Pressure Higgs government is feeling over its Policy 713 review is well deserved

7 months ago

One of the things I can’t figure out in this Policy 713 on sexual orientation review, is whether Premier Higgs is really as unaware or tone deaf to the very real concerns it is creating among this marginalized group of young people, or whether he just doesn’t see it as a priority. I doubt it is the latter, and I certainly hope it isn’t because that’s quite a condemnation.  But the time has come for him to clarify that, and this time his comments have to be better than what he offered in that scrum with reporters the other day.

Child and Youth Advocate Kelly Lamrock. Photo Credit: CBC

So far, all we have is that it is being reviewed because there have been hundreds of complaints. But if so, where are they? All that was forwarded to Child and Youth Advocate Lamrorck for his review were 4 emails, and one of those was a request that the policy be better enforced. So what was forwarded were three complaints. Let’s look at those. 

One referenced Policy 713 as Marxist-racist Critical Race Theory. Another suggested the policy is offensive to Christians and inferred that Christians are the ones hard done by here. But my favourite is the one that repeats the long discredited right wing talking point that schools are providing litter boxes for students that identify as animals. The writer includes all manner of hot button right wing terms, from “woke” to the imagined evil of the World Economic Forum. And then, pretty much to confirm who’s influencing him, as if by this point there is any doubt, he calls on Premier Higgs to Make New Brunswick Great Again. There’s no mention of whether he has hats for sale.  

The point is, all the emails are ridiculous. So if there are hundreds, as the Premier and Education Minister Bill Hogan claim, why in the name of anything logical, would they chose these ones to forward to Lamrock? Wouldn’t common sense suggest you send ones that make a valid argument? Note to Minister – there’s still time.  

Photo Credit: CBC

Lamrock’s report of his investigation into the government’s decision to place Policy 713 under review, is well worth a read. It is a masterfully crafted report that gets to the nub of the issue in a way that will make it hard for the government to ignore.  

It is quite odd that a government policy, developed over several years with widespread input from experts in the field and people on the front lines of education including teachers, psychologists and others, would be put under review because of three complaints. I think we can all agree that’s a mighty low bar. As Lamrock summarized it, “I’m not sure any government decision could survive, if receiving three complaints led to reconsideration.”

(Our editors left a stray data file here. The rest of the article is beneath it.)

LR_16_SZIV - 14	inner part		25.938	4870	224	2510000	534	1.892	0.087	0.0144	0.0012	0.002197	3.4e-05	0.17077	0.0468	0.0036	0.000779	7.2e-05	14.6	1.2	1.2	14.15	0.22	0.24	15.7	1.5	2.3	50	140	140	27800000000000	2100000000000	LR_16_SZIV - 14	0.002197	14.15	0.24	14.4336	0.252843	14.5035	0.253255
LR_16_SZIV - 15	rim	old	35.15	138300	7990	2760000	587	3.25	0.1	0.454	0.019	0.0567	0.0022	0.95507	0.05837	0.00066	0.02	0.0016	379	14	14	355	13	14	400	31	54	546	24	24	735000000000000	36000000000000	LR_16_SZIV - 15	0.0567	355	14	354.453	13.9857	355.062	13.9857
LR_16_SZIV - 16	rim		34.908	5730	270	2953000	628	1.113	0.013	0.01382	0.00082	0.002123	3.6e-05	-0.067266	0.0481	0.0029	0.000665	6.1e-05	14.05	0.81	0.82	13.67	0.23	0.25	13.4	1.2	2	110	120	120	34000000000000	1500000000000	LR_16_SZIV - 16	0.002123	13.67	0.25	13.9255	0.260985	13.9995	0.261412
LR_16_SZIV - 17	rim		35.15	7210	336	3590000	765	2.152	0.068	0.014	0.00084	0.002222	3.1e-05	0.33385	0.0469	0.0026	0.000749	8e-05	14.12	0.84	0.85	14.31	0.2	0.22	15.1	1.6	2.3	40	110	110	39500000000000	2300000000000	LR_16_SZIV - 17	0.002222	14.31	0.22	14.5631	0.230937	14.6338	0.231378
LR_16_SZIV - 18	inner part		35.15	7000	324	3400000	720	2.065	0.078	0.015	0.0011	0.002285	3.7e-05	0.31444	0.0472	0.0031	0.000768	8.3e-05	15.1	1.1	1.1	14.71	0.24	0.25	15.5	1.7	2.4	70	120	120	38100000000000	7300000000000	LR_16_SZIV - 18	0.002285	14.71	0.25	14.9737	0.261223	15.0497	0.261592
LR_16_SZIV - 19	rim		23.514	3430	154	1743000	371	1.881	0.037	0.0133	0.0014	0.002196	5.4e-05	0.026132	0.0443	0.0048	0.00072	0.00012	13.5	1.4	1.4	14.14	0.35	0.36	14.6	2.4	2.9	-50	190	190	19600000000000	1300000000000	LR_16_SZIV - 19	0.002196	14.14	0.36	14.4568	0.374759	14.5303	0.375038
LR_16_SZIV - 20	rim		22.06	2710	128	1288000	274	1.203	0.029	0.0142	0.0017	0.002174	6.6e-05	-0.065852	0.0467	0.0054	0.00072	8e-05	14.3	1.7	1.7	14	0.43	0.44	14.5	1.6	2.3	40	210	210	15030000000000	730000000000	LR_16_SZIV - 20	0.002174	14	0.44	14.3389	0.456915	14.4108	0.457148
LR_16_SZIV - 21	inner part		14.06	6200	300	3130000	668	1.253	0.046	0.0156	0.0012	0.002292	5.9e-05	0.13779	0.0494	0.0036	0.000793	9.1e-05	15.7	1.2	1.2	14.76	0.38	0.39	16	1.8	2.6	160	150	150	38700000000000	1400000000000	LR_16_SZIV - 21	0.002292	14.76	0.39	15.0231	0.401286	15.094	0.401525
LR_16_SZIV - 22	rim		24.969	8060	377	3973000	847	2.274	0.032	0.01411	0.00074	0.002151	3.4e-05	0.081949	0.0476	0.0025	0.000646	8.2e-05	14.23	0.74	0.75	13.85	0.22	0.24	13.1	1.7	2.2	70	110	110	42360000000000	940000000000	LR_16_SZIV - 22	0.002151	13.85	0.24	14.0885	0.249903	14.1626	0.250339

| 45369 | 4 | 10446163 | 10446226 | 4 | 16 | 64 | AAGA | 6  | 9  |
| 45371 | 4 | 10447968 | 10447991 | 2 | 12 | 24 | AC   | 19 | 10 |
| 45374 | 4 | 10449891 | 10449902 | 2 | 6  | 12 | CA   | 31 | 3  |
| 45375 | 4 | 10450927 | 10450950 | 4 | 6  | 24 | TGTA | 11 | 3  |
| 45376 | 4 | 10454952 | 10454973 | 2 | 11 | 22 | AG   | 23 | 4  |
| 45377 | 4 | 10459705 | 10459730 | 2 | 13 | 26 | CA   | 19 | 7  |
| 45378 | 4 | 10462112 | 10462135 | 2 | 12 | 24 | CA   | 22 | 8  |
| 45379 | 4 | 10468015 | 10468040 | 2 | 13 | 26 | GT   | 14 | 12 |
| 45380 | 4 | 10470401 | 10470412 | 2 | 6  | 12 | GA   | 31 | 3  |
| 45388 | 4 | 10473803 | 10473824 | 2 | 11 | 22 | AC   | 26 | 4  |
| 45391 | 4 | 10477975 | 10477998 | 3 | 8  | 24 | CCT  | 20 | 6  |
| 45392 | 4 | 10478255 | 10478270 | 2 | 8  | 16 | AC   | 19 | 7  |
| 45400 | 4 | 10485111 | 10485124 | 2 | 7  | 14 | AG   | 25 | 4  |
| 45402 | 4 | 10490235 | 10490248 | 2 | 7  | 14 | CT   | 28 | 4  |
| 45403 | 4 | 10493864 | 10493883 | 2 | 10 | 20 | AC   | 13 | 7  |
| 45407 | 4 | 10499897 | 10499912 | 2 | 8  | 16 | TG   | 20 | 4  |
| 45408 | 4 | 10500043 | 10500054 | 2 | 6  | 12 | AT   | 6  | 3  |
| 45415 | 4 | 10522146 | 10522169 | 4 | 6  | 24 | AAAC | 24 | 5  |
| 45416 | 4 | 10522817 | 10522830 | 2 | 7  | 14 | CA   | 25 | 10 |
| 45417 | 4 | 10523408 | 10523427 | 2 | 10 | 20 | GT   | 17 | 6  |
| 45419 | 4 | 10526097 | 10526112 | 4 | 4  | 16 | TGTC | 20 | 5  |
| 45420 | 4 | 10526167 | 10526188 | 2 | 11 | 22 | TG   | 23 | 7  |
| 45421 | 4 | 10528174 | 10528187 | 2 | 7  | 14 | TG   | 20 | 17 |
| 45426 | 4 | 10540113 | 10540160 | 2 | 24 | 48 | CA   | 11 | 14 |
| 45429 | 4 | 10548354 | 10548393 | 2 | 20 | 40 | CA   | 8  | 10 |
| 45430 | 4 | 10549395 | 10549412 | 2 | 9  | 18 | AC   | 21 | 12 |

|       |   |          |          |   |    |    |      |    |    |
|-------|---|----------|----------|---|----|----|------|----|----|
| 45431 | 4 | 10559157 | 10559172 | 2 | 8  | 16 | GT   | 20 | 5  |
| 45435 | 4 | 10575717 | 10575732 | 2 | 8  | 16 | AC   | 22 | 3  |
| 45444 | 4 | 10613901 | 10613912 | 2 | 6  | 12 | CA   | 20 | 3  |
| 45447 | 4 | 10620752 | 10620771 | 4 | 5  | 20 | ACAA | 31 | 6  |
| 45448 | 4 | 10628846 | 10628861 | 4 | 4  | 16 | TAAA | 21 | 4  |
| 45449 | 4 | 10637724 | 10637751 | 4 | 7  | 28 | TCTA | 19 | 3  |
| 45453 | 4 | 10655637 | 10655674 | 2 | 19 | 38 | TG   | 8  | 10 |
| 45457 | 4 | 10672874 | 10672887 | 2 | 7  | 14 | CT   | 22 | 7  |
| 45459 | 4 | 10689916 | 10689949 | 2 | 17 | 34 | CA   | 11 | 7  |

Lamrock even throws in a pre-emptive strike, to shut down before it surfaces, any argument that he’s suggesting a minister doesn’t have the right to review and revise policy. The advocate is crystal clear in saying that his argument is about how that prerogative should be exercised.  

Education Minister Bill Hogan. Photo Credit: Twelegraph Journal

So far, the government has failed terribly in this regard. They say the policy is not suspended, however they pulled the plug on activities related to it, pretending in one case that the Teacher’s Association had gone rogue in participating in professional development sessions related to Policy 713, on which the Department of Education collaborated, until it didn’t. It’s one more case of the government misleading the public. There are other examples, but rather than dwell on that, I want to close with on a more recent development in this story, Minister Hogan’s comment that he and his family have been attacked over this policy. 

As far as I know, he hasn’t elaborated on what he means by “attacked” and I would hope it’s nothing more than critical emails, and not threats or anything of that nature. And not to be flippant if it is more, but threats and intimidation are what hangs in the balance here if the government doesn’t move quickly to undo the damage its ham-fisted policy review position has caused.  

Photo Credit: CTV News

The saliant point here is that the purpose of Policy 713 is to create a safe space for LGBTQ+ students within our schools. School is their safe place to be who they are. The government perhaps needs to be reminded that these kids have it rough enough already, evidenced by the fact they are three times as likely to commit suicide than other kids their age. That speaks to the desperation they feel. For many, much of that pressure comes from home, where they are afraid of coming out as gay or trans. That desperation may result in a student going to a teacher or guidance counsellor they feel they can confide in. That takes a certain amount of courage. And now, if the Premier gets what he apparently wants and the policy is changed to force that teacher to rat that kid out to his parents, then obviously that child is not going to dare risk that by talking to a teacher in the first place. It’s easy to envision that instead the child may do something drastic. And tragic.  

The point is that the stakes are high here, and the government seems to be ignoring that and is instead catering to a minority that doesn’t seem to care much about whether the rights or safety of these vulnerable children are considered.

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Cover Photo: Part of a demonstration by Saint John high school students who walked out to protest the Higgs government’s review of Policy 713. Photo Credit: CTV News

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